The protagonists are very much at the mercy of Nigel Farrell, the series' narrator and co-producer, who, when something nasty has happened, can be heard coaxing people to describe just how miserable they feel.
As no money is involved, it's a puzzle why so many are keen to co-operate ("You'll only hear bad things from people who haven't been asked to be in it," I was told more than once). Meridian donates a small sum, about pounds 500 per series, to the parish council, but no individuals have been paid as it was thought that would cause problems and jealousies. Nigel Farrell puts their willingness down to human vanity. "Most people just can't resist the opportunity to go on television. They often say 'no' when you first ask them, but they end up agreeing because underneath they really want to do it. People love to talk about themselves and the things that matter to them."
Tony Holmes relishes his pivotal role in the series and is happy to play things up for the viewers. Early on, there is a row between him and his brother-in-law Jumbo about the Bentley by-pass. Tony approves of the new road, Jumbo is dead against it - and for several months they're not on speaking terms. Tony Holmes readily admits that they stirred the quarrel up a bit for the camera.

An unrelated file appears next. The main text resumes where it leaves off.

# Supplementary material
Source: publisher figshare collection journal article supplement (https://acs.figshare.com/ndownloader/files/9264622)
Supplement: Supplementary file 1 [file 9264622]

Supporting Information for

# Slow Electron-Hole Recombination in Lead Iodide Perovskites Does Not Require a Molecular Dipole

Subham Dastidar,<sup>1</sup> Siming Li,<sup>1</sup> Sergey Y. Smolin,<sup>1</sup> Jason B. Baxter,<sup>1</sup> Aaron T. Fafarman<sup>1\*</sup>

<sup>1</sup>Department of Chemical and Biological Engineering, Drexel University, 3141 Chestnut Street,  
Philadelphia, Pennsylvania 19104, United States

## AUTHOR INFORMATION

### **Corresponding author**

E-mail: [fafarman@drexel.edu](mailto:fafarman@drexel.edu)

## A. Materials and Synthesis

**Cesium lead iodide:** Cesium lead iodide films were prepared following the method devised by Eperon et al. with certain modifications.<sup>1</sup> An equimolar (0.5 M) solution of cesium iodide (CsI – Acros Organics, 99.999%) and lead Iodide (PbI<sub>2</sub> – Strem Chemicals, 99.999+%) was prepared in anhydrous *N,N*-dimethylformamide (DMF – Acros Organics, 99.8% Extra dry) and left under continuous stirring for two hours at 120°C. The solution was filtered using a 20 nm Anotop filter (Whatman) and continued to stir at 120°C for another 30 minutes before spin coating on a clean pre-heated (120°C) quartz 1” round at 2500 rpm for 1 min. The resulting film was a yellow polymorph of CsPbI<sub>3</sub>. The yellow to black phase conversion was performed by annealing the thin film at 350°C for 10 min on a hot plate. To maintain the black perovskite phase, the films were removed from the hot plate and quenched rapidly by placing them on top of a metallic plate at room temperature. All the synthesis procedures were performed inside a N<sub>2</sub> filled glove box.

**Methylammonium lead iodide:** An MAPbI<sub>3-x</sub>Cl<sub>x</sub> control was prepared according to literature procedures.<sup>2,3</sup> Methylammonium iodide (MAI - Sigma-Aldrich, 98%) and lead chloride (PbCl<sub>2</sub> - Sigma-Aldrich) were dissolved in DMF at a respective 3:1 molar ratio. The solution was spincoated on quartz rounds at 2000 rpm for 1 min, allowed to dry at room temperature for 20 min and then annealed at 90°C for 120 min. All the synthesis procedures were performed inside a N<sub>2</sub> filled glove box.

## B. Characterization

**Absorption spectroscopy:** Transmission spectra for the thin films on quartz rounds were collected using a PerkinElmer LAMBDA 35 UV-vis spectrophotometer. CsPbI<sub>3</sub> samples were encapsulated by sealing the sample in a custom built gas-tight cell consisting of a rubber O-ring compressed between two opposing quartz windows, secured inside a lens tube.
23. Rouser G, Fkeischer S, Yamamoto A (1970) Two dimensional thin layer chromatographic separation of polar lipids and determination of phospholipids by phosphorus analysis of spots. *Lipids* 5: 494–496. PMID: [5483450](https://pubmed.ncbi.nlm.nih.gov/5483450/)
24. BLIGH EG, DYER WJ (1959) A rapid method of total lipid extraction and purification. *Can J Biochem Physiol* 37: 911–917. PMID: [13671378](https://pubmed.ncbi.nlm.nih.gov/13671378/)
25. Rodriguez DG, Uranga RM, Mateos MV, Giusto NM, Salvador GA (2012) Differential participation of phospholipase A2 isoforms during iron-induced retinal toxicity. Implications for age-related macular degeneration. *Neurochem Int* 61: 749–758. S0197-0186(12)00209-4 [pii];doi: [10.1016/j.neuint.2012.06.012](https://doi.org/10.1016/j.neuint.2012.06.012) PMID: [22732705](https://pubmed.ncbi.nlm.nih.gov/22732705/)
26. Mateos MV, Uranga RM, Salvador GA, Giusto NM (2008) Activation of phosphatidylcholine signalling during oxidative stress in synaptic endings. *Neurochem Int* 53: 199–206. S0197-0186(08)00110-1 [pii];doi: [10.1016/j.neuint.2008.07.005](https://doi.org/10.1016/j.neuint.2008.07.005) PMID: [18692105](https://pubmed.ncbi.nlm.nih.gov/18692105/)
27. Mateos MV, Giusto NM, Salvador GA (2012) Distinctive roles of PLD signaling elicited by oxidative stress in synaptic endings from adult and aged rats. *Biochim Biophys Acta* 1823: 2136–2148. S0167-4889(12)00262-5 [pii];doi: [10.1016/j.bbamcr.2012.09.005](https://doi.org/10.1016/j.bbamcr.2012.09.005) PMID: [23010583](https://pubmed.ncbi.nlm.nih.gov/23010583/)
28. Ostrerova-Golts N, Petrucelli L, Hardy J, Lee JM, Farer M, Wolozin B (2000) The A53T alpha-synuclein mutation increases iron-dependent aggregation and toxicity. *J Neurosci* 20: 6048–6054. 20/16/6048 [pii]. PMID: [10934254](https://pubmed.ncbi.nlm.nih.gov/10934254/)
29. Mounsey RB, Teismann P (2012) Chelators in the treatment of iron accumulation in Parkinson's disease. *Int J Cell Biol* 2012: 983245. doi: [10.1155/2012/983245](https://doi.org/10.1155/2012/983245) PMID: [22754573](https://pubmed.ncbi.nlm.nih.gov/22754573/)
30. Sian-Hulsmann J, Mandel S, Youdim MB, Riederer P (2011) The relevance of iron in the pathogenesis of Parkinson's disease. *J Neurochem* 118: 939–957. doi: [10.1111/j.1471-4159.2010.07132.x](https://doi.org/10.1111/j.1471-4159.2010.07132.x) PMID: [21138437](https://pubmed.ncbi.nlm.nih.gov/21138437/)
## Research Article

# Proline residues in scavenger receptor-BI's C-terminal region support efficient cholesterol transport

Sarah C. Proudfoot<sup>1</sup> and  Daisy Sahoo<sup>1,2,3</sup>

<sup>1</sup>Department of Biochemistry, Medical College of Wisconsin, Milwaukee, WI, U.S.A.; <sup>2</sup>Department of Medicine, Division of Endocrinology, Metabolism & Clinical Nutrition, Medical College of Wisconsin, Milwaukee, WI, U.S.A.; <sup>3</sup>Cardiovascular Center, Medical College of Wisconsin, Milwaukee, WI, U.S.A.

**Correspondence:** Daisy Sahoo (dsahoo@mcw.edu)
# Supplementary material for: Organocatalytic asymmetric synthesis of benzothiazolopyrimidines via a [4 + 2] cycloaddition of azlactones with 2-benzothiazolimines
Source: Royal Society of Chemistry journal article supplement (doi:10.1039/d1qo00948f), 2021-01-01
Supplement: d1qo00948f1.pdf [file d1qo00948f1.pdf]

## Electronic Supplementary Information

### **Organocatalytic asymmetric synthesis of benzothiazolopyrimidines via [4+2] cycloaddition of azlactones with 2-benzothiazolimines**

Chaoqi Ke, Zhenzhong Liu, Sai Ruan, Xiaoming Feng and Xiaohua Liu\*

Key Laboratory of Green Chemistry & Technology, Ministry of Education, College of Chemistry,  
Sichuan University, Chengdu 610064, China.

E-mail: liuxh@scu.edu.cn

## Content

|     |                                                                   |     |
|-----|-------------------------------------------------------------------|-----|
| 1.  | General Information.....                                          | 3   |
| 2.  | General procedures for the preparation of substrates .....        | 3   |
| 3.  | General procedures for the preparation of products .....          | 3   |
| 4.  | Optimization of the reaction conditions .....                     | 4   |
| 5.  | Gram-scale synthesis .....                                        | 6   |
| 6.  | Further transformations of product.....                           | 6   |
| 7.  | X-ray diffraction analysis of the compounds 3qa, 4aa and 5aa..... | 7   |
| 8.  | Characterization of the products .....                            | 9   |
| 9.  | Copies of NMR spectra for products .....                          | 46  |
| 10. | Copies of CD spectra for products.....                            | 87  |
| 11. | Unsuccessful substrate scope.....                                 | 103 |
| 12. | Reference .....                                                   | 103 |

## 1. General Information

Bentley itself, with 1,300 inhabitants, one pub, one shop, a hairdresser and a village hall, is not especially picturesque, even allowing for the fact that I visited on a dismal December day. But since the disputed by- pass was built, it has become quiet and rural. This is a boon to most villagers, but means that Bentley Stores and the Star pub have lost passing trade and are in difficulties.
The Star's landlords, Maureen and Brian May, are understandably miffed that the series seems to feature every pub in the area except theirs. "They film in pubs that are miles outside the village and just pretend they're in Bentley," complains Maureen, who also feels that the series ignores important local events such as the village fete and the school nativity play. "Most people here don't think it's about the true villagers at all."